NEWS OF THE WORLD, by Paulette Jiles
Wichita Falls, Texas, 1870: A time
when the only way many people could learn the news of the world was to have it
read to them. Captain Jefferson Kyle Kidd, seventy years of age, a widower and
veteran of three wars, makes his living traveling between small towns, reading from Harper’s Weekly, the London Times, the Philadelphia
Inquirer… reasoning that “If people had news of the world perhaps they would
not take up arms.”
Texas is a nearly lawless place and
raids are common. In these raids, children, like Joanna Leonberger, are often kidnapped.
The Kiowa captured Johanna four years earlier and adopted her, but have now
traded her back to the white people for “fifteen Hudson’s Bay four-stripe
blankets and a set of silver dinnerware.” Harboring a white captive brings
trouble with the cavalry.
Captain Kidd reluctantly agrees, as a favor to a friend, to return the now ten-year old Johanna to her German relatives who live outside San Antonio, almost the other end of the state from Wichita Falls. Johanna, a small, sad and angry warrior, remembers nothing of her German family and knows nothing of the white-man’s ways. “God only knows what she would do if presented with dinner on a plate,” Kidd muses. My name is Cicada, she is desperate to tell this white man to whom she has been entrusted. My father’s name is Turning Water. My mother’s name is Three Spotted. I want to go home. But Johanna speaks only Kiowa and she cannot go home. And so the unlikely pair set off on their long and perilous journey.
The Captain continues to earn money along the way by giving readings. His goal is to impart “…a few paragraphs of hard news and then… of dreamlike places far removed.” We readers get hear news of the world along with the people of Durand, Carlyle Springs, and Lampasas: Texas is admitted as a state to the union. The Democrats adopt the donkey as their symbol. The Red Stockings are formed as the first professional baseball team. People known as Esquimaux wear fur coats made from seals. Victoria Falls has been discovered.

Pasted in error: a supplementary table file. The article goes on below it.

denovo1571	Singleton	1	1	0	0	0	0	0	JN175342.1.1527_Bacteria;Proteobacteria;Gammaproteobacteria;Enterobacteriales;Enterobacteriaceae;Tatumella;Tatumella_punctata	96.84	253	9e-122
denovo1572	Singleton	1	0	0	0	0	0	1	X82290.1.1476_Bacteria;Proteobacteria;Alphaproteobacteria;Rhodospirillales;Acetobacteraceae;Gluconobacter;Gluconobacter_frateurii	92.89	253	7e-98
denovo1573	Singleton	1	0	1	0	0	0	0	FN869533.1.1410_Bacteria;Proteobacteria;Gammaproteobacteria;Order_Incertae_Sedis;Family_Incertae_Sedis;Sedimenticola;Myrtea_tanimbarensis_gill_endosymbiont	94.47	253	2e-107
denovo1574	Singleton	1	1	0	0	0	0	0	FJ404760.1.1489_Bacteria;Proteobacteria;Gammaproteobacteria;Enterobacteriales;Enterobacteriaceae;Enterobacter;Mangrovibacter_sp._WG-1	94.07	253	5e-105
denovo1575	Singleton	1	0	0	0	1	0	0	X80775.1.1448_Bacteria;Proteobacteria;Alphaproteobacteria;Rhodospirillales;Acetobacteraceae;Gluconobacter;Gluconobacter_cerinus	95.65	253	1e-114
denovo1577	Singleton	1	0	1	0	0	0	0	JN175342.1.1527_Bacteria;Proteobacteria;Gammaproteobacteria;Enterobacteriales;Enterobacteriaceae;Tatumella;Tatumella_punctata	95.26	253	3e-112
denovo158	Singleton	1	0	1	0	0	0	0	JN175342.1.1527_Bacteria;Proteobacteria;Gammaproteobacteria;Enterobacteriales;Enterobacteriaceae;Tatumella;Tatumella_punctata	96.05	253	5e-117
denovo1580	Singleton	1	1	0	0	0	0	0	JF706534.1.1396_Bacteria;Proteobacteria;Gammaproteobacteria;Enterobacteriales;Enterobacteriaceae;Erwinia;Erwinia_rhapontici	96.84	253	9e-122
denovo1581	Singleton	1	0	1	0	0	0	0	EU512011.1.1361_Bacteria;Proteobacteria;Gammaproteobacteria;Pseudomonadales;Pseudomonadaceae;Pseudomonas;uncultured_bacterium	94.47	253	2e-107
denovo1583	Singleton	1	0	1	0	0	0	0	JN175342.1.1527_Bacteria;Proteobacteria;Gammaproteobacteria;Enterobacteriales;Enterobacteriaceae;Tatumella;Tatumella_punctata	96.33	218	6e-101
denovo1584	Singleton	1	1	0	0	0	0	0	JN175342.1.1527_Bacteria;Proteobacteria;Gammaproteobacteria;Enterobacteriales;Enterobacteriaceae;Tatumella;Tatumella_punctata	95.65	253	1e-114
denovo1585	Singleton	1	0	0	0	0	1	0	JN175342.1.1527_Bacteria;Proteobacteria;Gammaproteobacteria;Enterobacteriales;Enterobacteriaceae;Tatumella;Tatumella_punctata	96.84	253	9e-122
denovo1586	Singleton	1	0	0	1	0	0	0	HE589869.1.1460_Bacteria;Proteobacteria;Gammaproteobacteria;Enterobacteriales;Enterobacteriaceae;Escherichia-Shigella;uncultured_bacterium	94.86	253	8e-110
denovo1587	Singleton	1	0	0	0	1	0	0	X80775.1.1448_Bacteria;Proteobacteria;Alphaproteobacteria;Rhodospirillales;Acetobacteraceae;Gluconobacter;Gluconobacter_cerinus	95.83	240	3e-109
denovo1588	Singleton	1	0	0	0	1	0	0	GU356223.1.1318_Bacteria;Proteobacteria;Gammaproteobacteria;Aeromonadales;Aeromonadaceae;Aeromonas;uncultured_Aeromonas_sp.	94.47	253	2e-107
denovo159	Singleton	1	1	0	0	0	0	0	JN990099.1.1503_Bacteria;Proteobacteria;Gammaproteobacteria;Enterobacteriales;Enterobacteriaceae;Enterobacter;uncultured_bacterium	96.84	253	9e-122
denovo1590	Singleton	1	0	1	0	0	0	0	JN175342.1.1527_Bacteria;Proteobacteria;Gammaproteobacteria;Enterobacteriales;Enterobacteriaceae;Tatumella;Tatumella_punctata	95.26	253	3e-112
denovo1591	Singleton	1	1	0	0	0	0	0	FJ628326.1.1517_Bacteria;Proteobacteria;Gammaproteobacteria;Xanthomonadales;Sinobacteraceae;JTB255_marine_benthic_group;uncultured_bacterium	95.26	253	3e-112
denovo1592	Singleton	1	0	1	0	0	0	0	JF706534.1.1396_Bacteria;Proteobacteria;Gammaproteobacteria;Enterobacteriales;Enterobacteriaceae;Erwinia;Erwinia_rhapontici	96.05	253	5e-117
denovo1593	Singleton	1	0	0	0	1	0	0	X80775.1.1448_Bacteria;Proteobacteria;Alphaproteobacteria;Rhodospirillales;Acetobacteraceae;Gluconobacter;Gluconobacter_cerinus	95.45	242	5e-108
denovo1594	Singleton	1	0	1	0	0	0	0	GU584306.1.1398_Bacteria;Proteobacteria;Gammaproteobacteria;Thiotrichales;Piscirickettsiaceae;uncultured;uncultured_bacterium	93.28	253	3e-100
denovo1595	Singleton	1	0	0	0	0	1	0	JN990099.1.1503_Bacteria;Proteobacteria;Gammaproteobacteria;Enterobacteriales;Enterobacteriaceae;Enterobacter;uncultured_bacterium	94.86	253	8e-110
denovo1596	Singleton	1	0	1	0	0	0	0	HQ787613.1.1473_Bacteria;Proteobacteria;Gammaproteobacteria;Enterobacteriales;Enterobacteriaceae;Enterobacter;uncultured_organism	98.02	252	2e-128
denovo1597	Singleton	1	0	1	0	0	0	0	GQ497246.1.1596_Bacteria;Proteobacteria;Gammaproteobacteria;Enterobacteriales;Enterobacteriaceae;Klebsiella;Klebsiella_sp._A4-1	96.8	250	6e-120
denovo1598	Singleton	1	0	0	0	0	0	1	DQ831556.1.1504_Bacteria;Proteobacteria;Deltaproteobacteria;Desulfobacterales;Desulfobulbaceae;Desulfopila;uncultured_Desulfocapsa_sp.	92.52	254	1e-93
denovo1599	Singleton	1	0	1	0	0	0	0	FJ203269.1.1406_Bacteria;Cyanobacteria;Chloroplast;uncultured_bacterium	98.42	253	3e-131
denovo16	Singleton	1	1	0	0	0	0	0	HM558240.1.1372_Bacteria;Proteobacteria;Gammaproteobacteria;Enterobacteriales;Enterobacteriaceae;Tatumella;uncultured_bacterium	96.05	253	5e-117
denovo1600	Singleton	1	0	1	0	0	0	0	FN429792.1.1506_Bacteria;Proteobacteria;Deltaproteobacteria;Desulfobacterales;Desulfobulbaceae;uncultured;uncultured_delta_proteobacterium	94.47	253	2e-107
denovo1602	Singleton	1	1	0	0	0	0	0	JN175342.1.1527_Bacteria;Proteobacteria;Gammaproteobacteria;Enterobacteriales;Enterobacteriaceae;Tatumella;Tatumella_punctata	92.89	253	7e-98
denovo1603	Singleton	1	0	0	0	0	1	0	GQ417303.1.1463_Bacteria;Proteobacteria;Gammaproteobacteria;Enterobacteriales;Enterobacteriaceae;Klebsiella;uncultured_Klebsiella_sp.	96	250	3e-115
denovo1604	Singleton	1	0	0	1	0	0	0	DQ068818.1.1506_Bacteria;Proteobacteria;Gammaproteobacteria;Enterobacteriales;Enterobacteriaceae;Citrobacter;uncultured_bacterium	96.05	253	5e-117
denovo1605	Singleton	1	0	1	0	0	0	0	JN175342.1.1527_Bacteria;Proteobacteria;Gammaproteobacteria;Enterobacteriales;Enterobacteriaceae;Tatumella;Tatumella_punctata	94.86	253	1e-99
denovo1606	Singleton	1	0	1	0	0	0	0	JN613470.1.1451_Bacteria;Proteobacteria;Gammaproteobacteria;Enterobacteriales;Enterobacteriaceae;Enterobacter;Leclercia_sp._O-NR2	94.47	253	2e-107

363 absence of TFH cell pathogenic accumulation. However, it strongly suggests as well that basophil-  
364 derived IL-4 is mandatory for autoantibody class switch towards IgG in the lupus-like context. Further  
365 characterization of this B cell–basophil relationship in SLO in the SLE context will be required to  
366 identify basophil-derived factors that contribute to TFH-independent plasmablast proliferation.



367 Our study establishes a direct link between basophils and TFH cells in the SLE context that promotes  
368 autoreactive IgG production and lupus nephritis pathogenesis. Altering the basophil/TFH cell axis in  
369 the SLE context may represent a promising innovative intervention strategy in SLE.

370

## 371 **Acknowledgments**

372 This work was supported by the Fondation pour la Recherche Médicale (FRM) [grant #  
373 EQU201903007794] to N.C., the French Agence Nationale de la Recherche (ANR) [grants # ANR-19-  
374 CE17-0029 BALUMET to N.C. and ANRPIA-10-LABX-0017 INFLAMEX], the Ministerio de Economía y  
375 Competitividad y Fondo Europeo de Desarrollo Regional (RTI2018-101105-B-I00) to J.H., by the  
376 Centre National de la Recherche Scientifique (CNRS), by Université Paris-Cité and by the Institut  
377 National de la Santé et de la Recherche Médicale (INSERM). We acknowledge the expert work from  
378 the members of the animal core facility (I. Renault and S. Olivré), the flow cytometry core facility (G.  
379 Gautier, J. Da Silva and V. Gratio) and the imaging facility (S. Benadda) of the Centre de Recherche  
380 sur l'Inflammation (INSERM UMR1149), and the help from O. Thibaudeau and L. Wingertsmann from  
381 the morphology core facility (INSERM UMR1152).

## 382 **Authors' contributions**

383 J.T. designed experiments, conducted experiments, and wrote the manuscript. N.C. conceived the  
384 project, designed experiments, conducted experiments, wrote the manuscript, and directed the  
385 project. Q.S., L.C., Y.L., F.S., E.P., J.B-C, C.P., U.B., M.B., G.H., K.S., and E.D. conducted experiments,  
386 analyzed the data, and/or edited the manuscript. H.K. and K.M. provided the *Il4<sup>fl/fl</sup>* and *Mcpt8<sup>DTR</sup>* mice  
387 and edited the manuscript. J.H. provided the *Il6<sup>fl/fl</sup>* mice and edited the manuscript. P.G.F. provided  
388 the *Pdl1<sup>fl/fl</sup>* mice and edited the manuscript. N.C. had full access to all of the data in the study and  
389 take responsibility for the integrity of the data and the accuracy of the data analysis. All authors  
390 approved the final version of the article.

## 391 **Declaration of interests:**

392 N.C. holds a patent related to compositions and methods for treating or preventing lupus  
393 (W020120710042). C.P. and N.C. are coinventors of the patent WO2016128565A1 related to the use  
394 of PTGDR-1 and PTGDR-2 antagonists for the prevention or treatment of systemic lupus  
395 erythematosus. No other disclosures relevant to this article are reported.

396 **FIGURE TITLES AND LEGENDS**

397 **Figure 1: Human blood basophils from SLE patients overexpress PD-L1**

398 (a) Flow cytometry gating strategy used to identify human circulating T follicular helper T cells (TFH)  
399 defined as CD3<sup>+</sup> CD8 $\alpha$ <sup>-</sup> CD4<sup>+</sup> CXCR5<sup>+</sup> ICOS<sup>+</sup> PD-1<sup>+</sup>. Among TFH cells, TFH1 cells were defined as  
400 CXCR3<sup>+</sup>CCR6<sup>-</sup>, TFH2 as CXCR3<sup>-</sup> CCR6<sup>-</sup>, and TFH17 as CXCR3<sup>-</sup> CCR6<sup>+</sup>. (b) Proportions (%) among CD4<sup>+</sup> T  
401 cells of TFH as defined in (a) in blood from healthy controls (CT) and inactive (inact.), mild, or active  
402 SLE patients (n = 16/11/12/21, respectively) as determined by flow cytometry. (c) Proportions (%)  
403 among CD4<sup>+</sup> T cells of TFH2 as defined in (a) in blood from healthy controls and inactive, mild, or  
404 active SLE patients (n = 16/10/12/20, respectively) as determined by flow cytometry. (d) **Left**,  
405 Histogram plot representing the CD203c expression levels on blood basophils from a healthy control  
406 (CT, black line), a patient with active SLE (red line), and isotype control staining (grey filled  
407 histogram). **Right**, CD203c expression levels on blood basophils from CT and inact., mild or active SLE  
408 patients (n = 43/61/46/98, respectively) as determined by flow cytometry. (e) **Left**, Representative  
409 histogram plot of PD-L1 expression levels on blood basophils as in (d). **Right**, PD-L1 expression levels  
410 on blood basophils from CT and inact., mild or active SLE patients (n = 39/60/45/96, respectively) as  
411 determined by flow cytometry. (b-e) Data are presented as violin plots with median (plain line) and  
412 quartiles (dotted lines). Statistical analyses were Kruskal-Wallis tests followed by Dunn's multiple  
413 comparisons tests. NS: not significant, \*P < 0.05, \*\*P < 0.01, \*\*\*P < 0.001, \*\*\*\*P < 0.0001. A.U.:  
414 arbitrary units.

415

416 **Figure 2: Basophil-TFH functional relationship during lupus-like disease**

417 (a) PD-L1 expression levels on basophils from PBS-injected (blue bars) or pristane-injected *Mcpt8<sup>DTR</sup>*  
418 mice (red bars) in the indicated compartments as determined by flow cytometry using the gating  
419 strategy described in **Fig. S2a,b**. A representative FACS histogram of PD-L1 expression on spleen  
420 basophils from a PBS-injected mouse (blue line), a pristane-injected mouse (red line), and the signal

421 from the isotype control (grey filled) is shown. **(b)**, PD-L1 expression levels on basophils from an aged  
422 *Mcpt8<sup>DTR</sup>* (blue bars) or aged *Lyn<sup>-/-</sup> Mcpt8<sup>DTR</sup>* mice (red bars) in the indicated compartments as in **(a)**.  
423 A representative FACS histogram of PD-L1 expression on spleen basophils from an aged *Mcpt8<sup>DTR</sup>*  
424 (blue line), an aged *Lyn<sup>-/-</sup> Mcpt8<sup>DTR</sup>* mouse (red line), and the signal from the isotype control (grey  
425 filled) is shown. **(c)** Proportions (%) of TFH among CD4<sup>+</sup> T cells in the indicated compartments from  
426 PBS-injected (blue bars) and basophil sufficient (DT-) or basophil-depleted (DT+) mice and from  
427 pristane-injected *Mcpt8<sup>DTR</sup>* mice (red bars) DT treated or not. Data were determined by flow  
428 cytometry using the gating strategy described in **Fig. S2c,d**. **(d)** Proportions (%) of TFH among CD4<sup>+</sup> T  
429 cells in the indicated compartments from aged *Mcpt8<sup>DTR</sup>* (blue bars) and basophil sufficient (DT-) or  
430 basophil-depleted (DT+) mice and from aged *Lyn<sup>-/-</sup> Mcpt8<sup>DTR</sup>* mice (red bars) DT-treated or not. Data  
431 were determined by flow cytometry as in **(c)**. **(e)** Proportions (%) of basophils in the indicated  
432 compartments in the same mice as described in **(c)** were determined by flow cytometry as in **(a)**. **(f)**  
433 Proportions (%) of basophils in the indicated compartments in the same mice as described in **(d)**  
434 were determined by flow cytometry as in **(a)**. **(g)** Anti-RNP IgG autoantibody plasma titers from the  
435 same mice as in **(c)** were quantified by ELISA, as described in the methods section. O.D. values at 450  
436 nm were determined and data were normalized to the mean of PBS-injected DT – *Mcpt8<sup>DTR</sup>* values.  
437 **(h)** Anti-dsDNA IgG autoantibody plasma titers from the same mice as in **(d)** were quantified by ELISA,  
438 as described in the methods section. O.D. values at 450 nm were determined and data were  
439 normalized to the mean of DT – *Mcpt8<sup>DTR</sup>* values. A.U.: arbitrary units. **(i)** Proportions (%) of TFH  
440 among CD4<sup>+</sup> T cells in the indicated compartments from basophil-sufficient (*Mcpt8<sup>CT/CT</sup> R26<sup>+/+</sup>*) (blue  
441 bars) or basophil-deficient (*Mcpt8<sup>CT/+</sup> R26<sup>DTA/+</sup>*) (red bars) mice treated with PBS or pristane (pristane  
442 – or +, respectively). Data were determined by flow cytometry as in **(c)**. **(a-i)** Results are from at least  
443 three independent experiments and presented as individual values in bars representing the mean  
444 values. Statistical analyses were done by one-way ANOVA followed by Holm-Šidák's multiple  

Often in historical fiction, an
author’s research shows. Not so with Paulette Jiles. She brilliantly and seamlessly weaves into
the narrative details about smooth bored versus rifled guns, ammunition,
women’s and men’s clothing, social mores, and the politics of the time. “No one
who voted for Davis is getting into Erath County,” utters one resident.
Jiles’s rendering of the plucky
“Cho-hanna’s” attempts to conquer the white man’s language and ways is humorous,
credible, and deeply endearing. “Kep-dun,” as Cho-hanna calls the
Captain (also Kontah, grandfather in
Kiowa) is a welcome hero, a man of integrity and strong moral fiber: the kind
of character we are happy to spend time with on the road. “Loss of reputation
and regard...” he notes after one especially egregious breach of etiquette by Cho-hanna,
“is worse that being penniless and more cutting than the blades of the enemy.”
He grows ever fonder of his young charge and more fearful for her future.
They encounter both friends and
foes along the way. Cho-hanna has the body and mind of a child but the heart of
a Kiowa. In a dramatic shoot-out, during which she and Kep-dun are badly
outmatched, she braids her hair like a warrior and steps in to save the day. They
meet the kind and generous Doris Dillon, a woman familiar with the plight of
captured and adopted children. Dillon understands that they become misfits who will
never fully fit back into the non-native culture and who cannot return to their
adoptive Indian families, what all captives most want. (In
her author’s note, Jiles suggests that readers who are interested in the
psychology of children captured and adopted by Native American tribes read The Captured by Scott Zesch.)
The Captain and Johanna grow closer
with each passing mile. And with each passing page readers will grow more
anxious about how, and whether, Jiles will bring this story to a satisfactory
close. If Johanna is safely delivered to her relatives–a hardworking and
generous couple who hate the Kiowa–what will become of her? And what will
become of the Captain without his small charge? But he is a man of integrity. He
has accepted money and given his word that he will deliver the girl. And so deliver
her he must.
Jiles, a former poet, delivers
delightful prose that is lyrical, yet always appropriate to time and character.
After reading her description of a Portugese man o’ war as a “celluloid
cabbage,” I shall never think of one any other way. A National Book Award finalist, News of the World is a deeply moving story told with great skill, pathos, and humor.
News of the World is available at the Norwich Bookstore and wherever books are sold.
Katharine Britton is the author of three novels, Her Sister's Shadow, Little Island, and Vanishing Time.